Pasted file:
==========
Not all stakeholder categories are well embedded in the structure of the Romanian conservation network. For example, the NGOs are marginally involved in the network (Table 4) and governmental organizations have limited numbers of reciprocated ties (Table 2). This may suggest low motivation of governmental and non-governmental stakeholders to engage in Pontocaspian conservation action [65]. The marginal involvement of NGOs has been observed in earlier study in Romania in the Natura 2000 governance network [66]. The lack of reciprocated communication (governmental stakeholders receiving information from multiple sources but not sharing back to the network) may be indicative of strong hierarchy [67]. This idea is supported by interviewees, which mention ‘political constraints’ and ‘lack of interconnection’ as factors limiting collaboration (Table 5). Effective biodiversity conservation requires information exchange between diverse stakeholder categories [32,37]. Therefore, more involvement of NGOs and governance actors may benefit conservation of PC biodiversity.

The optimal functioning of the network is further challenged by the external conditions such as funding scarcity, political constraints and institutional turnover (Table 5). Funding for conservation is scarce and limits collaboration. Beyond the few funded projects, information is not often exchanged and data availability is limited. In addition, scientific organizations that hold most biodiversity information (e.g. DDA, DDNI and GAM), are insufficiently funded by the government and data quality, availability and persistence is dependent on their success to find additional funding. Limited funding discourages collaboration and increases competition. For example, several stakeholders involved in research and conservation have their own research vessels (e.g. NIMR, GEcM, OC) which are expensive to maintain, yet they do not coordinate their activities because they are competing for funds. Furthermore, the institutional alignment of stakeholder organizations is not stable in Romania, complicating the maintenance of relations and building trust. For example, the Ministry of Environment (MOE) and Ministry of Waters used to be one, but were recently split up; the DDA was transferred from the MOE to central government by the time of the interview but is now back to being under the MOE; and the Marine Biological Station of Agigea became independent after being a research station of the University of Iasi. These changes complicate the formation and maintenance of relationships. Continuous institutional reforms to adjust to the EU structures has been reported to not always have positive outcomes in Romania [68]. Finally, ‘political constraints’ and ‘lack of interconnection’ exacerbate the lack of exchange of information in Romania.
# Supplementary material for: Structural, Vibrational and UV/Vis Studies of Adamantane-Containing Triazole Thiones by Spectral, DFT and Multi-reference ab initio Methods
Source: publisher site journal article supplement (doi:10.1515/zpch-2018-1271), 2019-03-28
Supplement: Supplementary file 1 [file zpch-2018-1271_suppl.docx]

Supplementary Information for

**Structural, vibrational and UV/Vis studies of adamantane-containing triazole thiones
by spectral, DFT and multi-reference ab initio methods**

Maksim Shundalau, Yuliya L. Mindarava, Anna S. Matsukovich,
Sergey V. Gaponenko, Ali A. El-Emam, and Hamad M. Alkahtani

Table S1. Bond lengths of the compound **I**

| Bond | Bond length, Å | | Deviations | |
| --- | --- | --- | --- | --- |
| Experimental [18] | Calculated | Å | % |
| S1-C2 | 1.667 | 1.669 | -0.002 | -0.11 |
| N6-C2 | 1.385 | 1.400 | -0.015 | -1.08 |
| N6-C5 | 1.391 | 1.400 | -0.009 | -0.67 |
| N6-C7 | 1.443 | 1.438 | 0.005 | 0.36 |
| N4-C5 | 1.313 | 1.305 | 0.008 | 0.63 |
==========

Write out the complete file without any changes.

Not all stakeholder categories are well embedded in the structure of the Romanian conservation network. For example, the NGOs are marginally involved in the network (Table 4) and governmental organizations have limited numbers of reciprocated ties (Table 2). This may suggest low motivation of governmental and non-governmental stakeholders to engage in Pontocaspian conservation action [65]. The marginal involvement of NGOs has been observed in earlier study in Romania in the Natura 2000 governance network [66]. The lack of reciprocated communication (governmental stakeholders receiving information from multiple sources but not sharing back to the network) may be indicative of strong hierarchy [67]. This idea is supported by interviewees, which mention ‘political constraints’ and ‘lack of interconnection’ as factors limiting collaboration (Table 5). Effective biodiversity conservation requires information exchange between diverse stakeholder categories [32,37]. Therefore, more involvement of NGOs and governance actors may benefit conservation of PC biodiversity.

The optimal functioning of the network is further challenged by the external conditions such as funding scarcity, political constraints and institutional turnover (Table 5). Funding for conservation is scarce and limits collaboration. Beyond the few funded projects, information is not often exchanged and data availability is limited. In addition, scientific organizations that hold most biodiversity information (e.g. DDA, DDNI and GAM), are insufficiently funded by the government and data quality, availability and persistence is dependent on their success to find additional funding. Limited funding discourages collaboration and increases competition. For example, several stakeholders involved in research and conservation have their own research vessels (e.g. NIMR, GEcM, OC) which are expensive to maintain, yet they do not coordinate their activities because they are competing for funds. Furthermore, the institutional alignment of stakeholder organizations is not stable in Romania, complicating the maintenance of relations and building trust. For example, the Ministry of Environment (MOE) and Ministry of Waters used to be one, but were recently split up; the DDA was transferred from the MOE to central government by the time of the interview but is now back to being under the MOE; and the Marine Biological Station of Agigea became independent after being a research station of the University of Iasi. These changes complicate the formation and maintenance of relationships. Continuous institutional reforms to adjust to the EU structures has been reported to not always have positive outcomes in Romania [68]. Finally, ‘political constraints’ and ‘lack of interconnection’ exacerbate the lack of exchange of information in Romania.
# Supplementary material for: Structural, Vibrational and UV/Vis Studies of Adamantane-Containing Triazole Thiones by Spectral, DFT and Multi-reference ab initio Methods
Source: publisher site journal article supplement (doi:10.1515/zpch-2018-1271), 2019-03-28
Supplement: Supplementary file 1 [file zpch-2018-1271_suppl.docx]

Supplementary Information for

**Structural, vibrational and UV/Vis studies of adamantane-containing triazole thiones
by spectral, DFT and multi-reference ab initio methods**

Maksim Shundalau, Yuliya L. Mindarava, Anna S. Matsukovich,
Sergey V. Gaponenko, Ali A. El-Emam, and Hamad M. Alkahtani

Table S1. Bond lengths of the compound **I**

| Bond | Bond length, Å | | Deviations | |
| --- | --- | --- | --- | --- |
| Experimental [18] | Calculated | Å | % |
| S1-C2 | 1.667 | 1.669 | -0.002 | -0.11 |
| N6-C2 | 1.385 | 1.400 | -0.015 | -1.08 |
| N6-C5 | 1.391 | 1.400 | -0.009 | -0.67 |
| N6-C7 | 1.443 | 1.438 | 0.005 | 0.36 |
| N4-C5 | 1.313 | 1.305 | 0.008 | 0.63 |